What Is Radioactivity and What Are Its Health Hazards?
The radioactive atoms of a chemical element characterize an unstable nucleus. This instability occurs due to an imbalance between the number of neutrons and protons. When the scientists add protons or neutrons to a nucleus of an atom, they trigger its instability and the decay process of the element’s isotope. At this point, the atom tries to release the unnecessary protons, neutrons, or positrons, via alpha, beta, or gamma decay mode.
These radioactive modes of nucleus decay radiate ionizing radiation in the surrounding environment, which imposes an extreme health hazard. The exposure to radiation can lead to some severe and incurable diseases, as well as cancer on all tissues and organs of the body.
Isotopes of Berkelium
There are 18 unstable isotopes of berkelium with a mass number that ranges from 233Bk to 253Bk. All isotopes of this member of the actinide family of the periodic system are radioactive. Having a half-life of 1,380 years, 247Bk is the longest living and most stable isotope of berkelium. The berkelium-249 isotope decays into californium-249 and can be most easily reproduced.
The following is a tabular presentation of the berkelium isotopes, their decay mode, and half-life.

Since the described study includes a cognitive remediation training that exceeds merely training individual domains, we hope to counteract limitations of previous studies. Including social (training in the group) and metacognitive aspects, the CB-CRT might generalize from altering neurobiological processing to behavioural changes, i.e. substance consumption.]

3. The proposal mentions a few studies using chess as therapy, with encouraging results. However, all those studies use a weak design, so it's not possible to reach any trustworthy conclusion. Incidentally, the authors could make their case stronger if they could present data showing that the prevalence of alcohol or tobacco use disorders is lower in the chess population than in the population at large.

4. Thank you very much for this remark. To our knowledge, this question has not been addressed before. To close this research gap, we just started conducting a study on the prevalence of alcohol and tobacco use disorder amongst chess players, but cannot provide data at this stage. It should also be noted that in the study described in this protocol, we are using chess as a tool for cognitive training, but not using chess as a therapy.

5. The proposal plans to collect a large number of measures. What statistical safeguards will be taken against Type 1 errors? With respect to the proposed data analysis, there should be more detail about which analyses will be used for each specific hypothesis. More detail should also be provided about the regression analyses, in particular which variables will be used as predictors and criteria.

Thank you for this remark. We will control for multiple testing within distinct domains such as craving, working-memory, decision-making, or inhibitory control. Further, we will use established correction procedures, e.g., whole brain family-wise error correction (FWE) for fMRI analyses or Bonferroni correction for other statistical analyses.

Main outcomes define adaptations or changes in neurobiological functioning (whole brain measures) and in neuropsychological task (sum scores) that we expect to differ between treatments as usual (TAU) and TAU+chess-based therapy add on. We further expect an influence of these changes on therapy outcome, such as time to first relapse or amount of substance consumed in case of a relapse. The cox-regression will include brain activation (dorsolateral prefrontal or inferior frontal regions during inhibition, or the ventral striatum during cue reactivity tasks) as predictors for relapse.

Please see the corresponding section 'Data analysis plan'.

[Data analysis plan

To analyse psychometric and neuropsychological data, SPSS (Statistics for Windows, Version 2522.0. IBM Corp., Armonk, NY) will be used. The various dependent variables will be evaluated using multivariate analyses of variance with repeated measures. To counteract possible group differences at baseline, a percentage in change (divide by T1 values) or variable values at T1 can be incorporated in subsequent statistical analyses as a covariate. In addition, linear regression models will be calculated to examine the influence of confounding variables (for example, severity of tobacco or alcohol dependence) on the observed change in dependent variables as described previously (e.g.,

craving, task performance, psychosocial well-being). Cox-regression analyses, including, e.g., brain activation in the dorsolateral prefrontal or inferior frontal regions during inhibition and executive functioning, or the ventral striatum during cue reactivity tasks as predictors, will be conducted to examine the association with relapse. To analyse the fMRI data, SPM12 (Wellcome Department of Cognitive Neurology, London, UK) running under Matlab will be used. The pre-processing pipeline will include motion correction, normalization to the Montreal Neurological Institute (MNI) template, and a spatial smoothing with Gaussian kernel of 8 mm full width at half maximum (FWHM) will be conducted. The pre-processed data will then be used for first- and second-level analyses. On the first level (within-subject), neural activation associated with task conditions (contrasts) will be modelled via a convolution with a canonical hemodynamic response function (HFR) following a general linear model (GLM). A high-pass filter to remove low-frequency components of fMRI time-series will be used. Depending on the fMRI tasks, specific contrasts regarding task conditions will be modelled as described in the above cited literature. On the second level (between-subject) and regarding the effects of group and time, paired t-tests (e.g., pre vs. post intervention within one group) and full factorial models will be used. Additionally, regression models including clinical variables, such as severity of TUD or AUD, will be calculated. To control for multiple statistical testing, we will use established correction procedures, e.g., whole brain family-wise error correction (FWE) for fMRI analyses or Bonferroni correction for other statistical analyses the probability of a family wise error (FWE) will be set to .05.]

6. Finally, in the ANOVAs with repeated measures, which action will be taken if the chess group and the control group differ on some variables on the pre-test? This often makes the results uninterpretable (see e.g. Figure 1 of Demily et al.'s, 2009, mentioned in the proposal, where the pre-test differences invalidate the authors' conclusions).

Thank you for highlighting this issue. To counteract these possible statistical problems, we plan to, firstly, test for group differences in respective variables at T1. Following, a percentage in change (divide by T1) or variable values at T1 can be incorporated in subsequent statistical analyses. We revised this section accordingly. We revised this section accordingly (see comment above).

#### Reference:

|Z||N||Isotopic mass (Da)
[n 2][n 3]
[n 5][n 6]
|Excitation energy[n 6]|
|234Bk||97||137||19(+6-4) s||α (50%)||230Am|
|β+, SF (.048%)||(various)|
|240Bk||97||143||240.05976(16)#||4.8(8) min||β+ (90%)||240Cm|
|β+, SF (.002%)||(various)|
|242Bk||97||145||242.06198(22)#||7.0(13) min||β+ (99.99%)||242Cm||2−#|
|β+, SF (3×10−4%)||(various)|
|242mBk||200(200)# keV||600(100) ns||SF||(various)|
|243Bk||97||146||243.063008(5)||4.5(2) h||β+ (99.85%)||243Cm||(3/2−)|
|244Bk||97||147||244.065181(16)||4.35(15) h||β+ (99.99%)||244Cm||(4−)#|
|245Bk||97||148||245.0663616(25)||4.94(3) d||EC (99.88%)||245Cm||3/2−|
|246Bk||97||149||246.06867(6)||1.80(2) d||β+ (99.8%)||246Cm||2(−)|
|248mBk||30(70)# keV||23.7(2) h||β−||248Cf||1(−)|
|249Bk[n 7]||97||152||249.0749867(28)||330(4) d||β−||249Cf||7/2+|
|249mBk||8.80(10) keV||300 µs||IT||249Bk||(3/2−)|